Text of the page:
The least successful players here as far as hitting is concerned are Chris Speier and Elvis Andrus. Jeff Blauser could be included too, but he was pretty good up until age-28, then he fell apart. The jury is still out on Andrus developing into a better hitter, but his defense makes him a good candidate to stick around for a long time. That seems to be what happened with Speier.

Castro doesn’t appear to have the same defensive chops, so his value will be more dependent on his ability to hit. That doesn’t appear to be a problem for him, which bodes well moving forward. We can’t really know for sure if Castro will go on to have a similar career as Renteria or Rollins, but he’s at least put himself in their company at this point in his career. Baez and Russell have seemingly unlimited potential, but is it reasonable to expect them to produce at this level? If the Cubs decide to give up on Castro, it will say a lot more about their faith in those two prospects than it will about Castro’s ability to produce going forward.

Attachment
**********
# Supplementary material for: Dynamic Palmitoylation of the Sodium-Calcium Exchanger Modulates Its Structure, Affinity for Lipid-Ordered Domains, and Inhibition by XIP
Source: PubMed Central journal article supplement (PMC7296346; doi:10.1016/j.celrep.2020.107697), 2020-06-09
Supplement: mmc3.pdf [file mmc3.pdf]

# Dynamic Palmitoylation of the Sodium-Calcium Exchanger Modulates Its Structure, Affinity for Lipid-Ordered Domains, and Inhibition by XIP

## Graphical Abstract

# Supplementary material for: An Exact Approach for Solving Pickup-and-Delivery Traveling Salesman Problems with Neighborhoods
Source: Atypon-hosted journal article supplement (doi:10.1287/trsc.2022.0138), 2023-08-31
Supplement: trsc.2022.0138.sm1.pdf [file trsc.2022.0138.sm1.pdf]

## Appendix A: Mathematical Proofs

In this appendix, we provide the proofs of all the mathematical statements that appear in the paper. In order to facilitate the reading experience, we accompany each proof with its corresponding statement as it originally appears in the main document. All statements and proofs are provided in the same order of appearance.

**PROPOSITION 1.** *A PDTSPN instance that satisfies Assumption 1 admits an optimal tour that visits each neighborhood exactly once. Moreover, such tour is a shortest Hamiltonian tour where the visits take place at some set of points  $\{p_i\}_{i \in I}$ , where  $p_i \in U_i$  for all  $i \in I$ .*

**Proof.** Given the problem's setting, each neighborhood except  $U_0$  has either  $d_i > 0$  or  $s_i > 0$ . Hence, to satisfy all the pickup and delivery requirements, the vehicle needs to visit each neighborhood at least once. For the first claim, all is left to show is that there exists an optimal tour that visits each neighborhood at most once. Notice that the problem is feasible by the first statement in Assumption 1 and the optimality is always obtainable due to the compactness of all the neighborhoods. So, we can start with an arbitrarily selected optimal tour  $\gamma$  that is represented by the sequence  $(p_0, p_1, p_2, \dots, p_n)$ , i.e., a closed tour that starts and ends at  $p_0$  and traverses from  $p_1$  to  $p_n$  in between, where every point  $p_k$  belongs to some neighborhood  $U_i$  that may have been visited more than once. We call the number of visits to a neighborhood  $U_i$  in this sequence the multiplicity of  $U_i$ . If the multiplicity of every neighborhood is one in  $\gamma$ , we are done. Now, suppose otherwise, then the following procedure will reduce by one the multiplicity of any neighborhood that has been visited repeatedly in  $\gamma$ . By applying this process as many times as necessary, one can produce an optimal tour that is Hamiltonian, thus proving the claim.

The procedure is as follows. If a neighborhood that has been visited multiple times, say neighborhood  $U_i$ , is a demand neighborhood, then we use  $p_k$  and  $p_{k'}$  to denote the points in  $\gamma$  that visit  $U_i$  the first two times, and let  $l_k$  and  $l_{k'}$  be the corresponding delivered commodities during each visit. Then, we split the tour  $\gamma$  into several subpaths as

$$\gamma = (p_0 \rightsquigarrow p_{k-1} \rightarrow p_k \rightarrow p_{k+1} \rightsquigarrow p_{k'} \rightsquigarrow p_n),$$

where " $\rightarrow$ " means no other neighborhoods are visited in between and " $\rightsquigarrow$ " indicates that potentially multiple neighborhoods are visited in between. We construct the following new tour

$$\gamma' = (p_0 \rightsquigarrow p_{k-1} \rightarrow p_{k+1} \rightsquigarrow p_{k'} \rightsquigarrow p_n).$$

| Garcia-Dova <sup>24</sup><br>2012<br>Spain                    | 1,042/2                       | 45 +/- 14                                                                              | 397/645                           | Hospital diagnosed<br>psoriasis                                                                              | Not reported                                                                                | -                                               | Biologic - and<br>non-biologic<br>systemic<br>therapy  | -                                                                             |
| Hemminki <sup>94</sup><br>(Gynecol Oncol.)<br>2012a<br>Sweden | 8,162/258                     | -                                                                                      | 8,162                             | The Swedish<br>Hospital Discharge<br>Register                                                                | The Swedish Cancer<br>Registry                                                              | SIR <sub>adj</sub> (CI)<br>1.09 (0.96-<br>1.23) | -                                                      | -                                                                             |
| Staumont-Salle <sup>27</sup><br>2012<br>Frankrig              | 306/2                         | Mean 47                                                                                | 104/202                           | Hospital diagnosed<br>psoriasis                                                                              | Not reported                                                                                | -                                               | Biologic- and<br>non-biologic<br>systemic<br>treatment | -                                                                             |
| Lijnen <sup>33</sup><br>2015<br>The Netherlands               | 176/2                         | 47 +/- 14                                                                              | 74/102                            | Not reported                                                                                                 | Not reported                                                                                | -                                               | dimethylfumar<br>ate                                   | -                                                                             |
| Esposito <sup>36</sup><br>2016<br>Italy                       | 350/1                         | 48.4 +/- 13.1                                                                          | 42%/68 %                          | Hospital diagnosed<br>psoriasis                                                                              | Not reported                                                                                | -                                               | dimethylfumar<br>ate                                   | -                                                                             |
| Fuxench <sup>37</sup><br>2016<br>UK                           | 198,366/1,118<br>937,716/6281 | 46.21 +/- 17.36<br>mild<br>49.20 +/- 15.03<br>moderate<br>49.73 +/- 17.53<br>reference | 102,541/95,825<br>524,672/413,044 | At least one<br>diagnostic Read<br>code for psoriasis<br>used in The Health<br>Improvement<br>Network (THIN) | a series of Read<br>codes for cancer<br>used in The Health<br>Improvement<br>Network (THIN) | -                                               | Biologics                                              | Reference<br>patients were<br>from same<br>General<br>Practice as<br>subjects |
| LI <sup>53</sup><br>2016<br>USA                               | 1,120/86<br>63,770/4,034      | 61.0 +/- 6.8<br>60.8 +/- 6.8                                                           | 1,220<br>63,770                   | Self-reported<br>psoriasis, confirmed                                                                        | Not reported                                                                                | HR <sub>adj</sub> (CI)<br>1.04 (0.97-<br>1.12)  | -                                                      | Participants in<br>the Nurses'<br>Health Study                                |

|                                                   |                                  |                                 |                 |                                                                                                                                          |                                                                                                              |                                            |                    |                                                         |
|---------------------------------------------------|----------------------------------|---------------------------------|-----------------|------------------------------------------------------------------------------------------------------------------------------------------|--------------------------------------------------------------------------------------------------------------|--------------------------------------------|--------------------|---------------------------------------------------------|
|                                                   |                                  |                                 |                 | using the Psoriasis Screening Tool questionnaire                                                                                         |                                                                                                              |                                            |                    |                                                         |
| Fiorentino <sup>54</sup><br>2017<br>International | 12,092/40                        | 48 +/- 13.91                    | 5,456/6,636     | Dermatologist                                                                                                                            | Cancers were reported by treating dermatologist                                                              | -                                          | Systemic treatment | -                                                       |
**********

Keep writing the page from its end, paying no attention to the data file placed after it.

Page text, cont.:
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Chris is a blogger for He has also contributed to Sports on Earth, the 2013 Hard Ball Times Baseball Annual, ESPN, FanGraphs and RotoGraphs. He tries to be funny on twitter @Chris_Cwik.

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I wouldn’t assume that Kris Bryant is going to remain at third base. Theo has already said he’ll be getting reps in the OF, and that there’s room for all these guys in the lineup, and theoretically, there is. Of course this could very well be a tactic to show teams that he doesn’t NEED to trade any of them, but even assuming the unlikely scenario in which all of them work out, you could line them up like this: